For a couple of weeks now, I haven't been writing much. Except by "much", if I'm honest, I have to say I mean "at all". It's been a choice. I could have kept up exactly the same writing schedule as usual - my morning commute to work is still available - it's just that I've been filling my time with TV instead. Breaking Bad in particular. I guess, when I started, the plan was to power through every episode in time to watch (and comment on) the finale with coworkers who were into the show. I didn't make that deadline, despite devoting all my free time to it. Now that I've missed that deadline, however, I've continued to give up my writing time to fit in more episodes, and that's something I really shouldn't be doing.

With NaNoWriMo coming up, I had intended to plan out a second draft of my first novel, The Bones of Earth, so that I could write to that plan and get more than the 50,000 words done in the month. Now, however, I have 20 days left, no plan and I'm not even done with Breaking Bad. So here's the deal I'll make with myself: until November, I will write every day. I'll plan what I can of that novel draft, and I'll be ready for NaNoWriMo. That's my priority. If I have any time left over, maybe I'll allow myself an episode of Breaking Bad.

I'll let you know how it goes.

Mokalus of Borg

PS - My friends warned me Breaking Bad would become an addiction.
PPS - They were right.

Thursday, 10 October 2013

Compatibility breeds progress

Industry becomes easier when machines are modular and compatible. They can then be combined, feeding the output of one into another as required. Flexibility is key to expediency, and expediency leads to progress.

Mokalus of Borg

PS - The same is true of any technology.
PPS - Software in particular.

Wednesday, 9 October 2013

The pursuit of true happiness

Life changes as you grow up, and nobody is there to tell you what's important and what isn't. You pick and choose as best you can, but sometimes you get to wondering if you picked up and put down the wrong things. You see other people who held onto things you let go, and they seem pretty happy. Cars, booze, music, painting, travel, fashion. You start to wonder if you made a mistake, and whether you can catch up again. But, for the most part, there was no mistake, just different choices.

It comes down to happiness, and some people can't be happy unless they have what everyone else has, or more. So if you gave up a social life to have a career, or gave up surfing to tow cars for a living, you might wonder if you'd be happier the other way around. For the most part, you wouldn't, because people tend to plateau at one level of happiness. It gets better, then you adjust and it feels about the same. It gets worse, and it sucks, but you get used to it. You throw away your whole career to go back to partying all the time, and it feels good for a while, but eventually it fades again.

So rest assured that the only wrong choice you really made was questioning your choices.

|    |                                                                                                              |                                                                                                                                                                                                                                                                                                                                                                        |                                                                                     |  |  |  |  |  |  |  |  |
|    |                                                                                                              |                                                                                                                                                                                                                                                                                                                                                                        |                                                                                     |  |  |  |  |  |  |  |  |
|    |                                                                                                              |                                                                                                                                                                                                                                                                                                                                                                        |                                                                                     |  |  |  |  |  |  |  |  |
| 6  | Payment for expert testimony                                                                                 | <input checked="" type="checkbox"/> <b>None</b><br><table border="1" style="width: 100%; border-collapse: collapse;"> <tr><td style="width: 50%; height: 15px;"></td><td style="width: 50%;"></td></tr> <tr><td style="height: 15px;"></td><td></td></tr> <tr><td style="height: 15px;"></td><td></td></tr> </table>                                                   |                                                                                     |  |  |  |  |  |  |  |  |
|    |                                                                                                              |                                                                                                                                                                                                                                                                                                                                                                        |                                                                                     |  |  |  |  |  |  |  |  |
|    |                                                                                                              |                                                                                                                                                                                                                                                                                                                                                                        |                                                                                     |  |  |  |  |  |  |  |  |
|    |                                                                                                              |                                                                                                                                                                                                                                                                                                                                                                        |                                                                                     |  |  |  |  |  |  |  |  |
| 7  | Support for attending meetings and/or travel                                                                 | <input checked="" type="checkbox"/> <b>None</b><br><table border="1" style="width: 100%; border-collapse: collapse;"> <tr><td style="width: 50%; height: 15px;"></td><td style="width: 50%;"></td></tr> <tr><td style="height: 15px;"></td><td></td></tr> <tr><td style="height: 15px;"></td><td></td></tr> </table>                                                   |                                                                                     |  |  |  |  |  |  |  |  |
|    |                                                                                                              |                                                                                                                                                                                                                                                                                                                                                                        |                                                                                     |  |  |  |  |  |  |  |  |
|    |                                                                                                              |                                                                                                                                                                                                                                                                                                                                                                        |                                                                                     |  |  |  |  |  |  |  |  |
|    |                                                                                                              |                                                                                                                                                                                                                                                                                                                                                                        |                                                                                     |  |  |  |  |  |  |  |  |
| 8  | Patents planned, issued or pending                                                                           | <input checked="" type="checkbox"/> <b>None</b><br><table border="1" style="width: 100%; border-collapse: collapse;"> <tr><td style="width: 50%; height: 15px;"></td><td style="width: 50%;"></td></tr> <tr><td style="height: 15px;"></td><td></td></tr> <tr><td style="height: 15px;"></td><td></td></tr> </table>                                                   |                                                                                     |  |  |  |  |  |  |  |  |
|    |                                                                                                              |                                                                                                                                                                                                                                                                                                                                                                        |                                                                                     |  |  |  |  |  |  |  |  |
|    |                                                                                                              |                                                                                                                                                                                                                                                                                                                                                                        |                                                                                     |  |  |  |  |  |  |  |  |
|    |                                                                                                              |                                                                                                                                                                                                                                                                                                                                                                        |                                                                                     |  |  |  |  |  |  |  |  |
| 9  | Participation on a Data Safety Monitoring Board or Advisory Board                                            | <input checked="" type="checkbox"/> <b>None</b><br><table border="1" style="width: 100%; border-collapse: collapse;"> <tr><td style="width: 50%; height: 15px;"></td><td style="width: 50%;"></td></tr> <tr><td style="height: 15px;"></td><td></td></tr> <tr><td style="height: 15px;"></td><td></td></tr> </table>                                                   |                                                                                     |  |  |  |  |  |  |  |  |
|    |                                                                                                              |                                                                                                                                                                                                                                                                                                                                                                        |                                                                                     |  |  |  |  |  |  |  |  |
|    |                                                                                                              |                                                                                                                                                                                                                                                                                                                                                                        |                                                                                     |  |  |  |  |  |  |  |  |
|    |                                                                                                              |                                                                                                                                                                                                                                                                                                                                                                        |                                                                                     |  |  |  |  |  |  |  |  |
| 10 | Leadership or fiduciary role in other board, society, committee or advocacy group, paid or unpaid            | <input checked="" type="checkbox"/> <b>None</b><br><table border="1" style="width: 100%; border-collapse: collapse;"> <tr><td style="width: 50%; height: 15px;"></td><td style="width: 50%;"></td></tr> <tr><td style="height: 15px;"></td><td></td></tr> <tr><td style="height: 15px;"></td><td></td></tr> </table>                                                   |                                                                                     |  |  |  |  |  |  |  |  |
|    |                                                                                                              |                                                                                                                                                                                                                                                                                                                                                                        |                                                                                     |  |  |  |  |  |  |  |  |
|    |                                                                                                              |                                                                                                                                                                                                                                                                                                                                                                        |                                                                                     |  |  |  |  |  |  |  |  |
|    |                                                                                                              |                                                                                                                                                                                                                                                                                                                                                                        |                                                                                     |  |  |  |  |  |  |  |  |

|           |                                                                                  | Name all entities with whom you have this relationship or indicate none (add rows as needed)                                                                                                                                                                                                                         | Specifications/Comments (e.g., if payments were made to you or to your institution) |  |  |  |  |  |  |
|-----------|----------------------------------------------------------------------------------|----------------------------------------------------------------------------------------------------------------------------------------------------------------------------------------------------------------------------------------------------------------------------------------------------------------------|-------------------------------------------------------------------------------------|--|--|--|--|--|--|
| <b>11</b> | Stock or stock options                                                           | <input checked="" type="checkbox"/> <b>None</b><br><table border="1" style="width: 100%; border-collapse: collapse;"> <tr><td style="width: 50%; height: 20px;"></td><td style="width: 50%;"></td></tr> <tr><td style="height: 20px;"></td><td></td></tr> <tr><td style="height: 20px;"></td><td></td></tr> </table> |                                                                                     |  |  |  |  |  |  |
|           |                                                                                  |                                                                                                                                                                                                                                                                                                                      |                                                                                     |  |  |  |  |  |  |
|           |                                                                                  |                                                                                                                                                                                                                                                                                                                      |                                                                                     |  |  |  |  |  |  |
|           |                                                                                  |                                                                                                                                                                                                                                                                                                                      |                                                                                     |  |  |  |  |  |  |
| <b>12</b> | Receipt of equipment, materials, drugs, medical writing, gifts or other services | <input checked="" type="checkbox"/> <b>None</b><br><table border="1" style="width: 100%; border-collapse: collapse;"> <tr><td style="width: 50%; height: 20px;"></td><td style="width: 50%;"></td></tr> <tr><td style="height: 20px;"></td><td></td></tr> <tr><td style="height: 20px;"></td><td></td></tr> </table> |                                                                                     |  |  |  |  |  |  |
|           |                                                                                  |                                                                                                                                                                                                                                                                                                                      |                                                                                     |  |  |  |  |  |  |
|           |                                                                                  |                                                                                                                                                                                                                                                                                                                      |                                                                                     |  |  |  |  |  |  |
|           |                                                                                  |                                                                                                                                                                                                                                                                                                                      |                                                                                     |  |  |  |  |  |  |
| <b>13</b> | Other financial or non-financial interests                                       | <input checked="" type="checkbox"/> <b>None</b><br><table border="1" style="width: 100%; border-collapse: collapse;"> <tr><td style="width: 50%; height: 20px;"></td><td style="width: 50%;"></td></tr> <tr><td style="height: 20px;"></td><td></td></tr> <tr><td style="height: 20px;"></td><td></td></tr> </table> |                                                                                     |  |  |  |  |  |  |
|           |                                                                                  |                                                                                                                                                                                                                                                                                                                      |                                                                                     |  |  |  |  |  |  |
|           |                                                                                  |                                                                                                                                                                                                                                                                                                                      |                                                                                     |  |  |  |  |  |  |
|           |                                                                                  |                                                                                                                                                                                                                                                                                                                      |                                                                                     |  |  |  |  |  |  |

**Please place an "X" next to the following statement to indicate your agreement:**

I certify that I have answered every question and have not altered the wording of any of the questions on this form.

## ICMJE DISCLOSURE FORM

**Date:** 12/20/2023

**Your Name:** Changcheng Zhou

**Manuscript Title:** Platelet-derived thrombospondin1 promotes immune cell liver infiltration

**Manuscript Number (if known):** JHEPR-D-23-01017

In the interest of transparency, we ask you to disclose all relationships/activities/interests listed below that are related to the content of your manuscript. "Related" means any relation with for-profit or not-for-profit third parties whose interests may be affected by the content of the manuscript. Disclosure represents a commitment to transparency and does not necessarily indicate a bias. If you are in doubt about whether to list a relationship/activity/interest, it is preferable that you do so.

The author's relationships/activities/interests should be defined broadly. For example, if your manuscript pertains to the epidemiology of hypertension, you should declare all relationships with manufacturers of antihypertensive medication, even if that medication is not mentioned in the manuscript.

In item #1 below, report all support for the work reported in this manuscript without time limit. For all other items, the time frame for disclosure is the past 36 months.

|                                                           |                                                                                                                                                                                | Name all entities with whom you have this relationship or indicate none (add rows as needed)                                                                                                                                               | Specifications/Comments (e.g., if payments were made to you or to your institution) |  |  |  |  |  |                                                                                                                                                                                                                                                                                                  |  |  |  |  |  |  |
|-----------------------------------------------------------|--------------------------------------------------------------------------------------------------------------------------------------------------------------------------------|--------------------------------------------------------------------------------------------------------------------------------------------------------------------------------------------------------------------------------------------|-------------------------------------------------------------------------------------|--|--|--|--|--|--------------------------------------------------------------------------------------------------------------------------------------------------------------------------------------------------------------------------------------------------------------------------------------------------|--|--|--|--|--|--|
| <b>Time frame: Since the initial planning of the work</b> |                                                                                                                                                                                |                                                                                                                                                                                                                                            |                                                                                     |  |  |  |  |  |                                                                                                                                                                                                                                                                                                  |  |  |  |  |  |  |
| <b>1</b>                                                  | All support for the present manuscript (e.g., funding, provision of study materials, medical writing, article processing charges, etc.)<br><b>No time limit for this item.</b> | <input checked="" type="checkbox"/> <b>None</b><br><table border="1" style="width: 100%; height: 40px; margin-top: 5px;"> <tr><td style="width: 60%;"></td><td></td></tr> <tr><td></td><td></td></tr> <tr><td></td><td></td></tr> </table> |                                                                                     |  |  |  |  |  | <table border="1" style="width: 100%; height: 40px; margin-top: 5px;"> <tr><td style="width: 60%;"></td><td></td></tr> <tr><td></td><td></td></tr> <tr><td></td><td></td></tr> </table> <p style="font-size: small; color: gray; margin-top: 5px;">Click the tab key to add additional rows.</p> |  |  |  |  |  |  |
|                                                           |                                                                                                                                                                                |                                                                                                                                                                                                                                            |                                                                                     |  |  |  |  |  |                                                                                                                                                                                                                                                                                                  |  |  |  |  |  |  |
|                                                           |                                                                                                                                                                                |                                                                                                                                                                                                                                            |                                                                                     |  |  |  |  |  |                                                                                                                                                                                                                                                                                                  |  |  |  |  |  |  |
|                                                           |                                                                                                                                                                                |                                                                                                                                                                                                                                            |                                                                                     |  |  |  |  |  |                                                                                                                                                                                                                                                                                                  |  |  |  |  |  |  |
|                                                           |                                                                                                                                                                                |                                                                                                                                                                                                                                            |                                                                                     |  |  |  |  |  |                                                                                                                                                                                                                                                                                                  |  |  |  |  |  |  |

Mokalus of Borg

PS - Happiness is mostly a matter of being content with what you have now.
PPS - I mean, after a certain point. You have basic needs to meet, as a minimum.

Tuesday, 8 October 2013

Credit fraud customer service

If you're going to ignore credit fraud until it is reported, because it's cheaper, you had better have good customer service at that point. Victims of credit fraud are only going to be understanding about your response and strategy if they get their money back very quickly and nobody gives them the third degree about anything they should have done differently.

Mokalus of Borg

PS - I've never been a credit fraud victim myself, so I don't know how it goes.
PPS - From what I've heard, second-hand, though, banks do pretty well when handling it.

Monday, 7 October 2013

Closing the analogue hole

I don't think it will ever be possible to "close the analogue hole", which is what DRM addicts call it when no older analogue technology can capture movies, music or pictures. If they did, then it would literally be impossible to record a movie in a cinema with a hand camera, as it would also be impossible to record music that is playing over speakers - any music, any speakers, any recording device.

The reason I think it is impossible is because that would close the ability to watch movies and listen to music at all. If audio is immune to capture by any analogue means, that includes your ears. If video is similarly immune to capture by analogue means, that includes your eyes. Anything that truly succeeds against all analogue capture would have to work so well that you can't watch or listen to that media at all.

Mokalus of Borg

PS - That may be the goal.
PPS - The only way to truly stop pirates is to stop the entire entertainment industry.

Friday, 4 October 2013

Robot Dreams by Isaac Asimov

I borrowed a collection of Isaac Asimov short stories from a friend ("Robot Dreams") and found some of the stories surprisingly dark. I thought I knew Asimov. He's like the grandfather of science fiction, and his early stories are really quite bright and hopeful. There's one I recently heard on Escape Pod ("Rescue Party")of aliens responding to an apparent distress call on Earth. The host noted that it was quite positive because the aliens find no corpses. The whole of Earth had to evacuate, and humanity did so, without destroying each other just for the hell of it. Asimov wrote that when he was 19.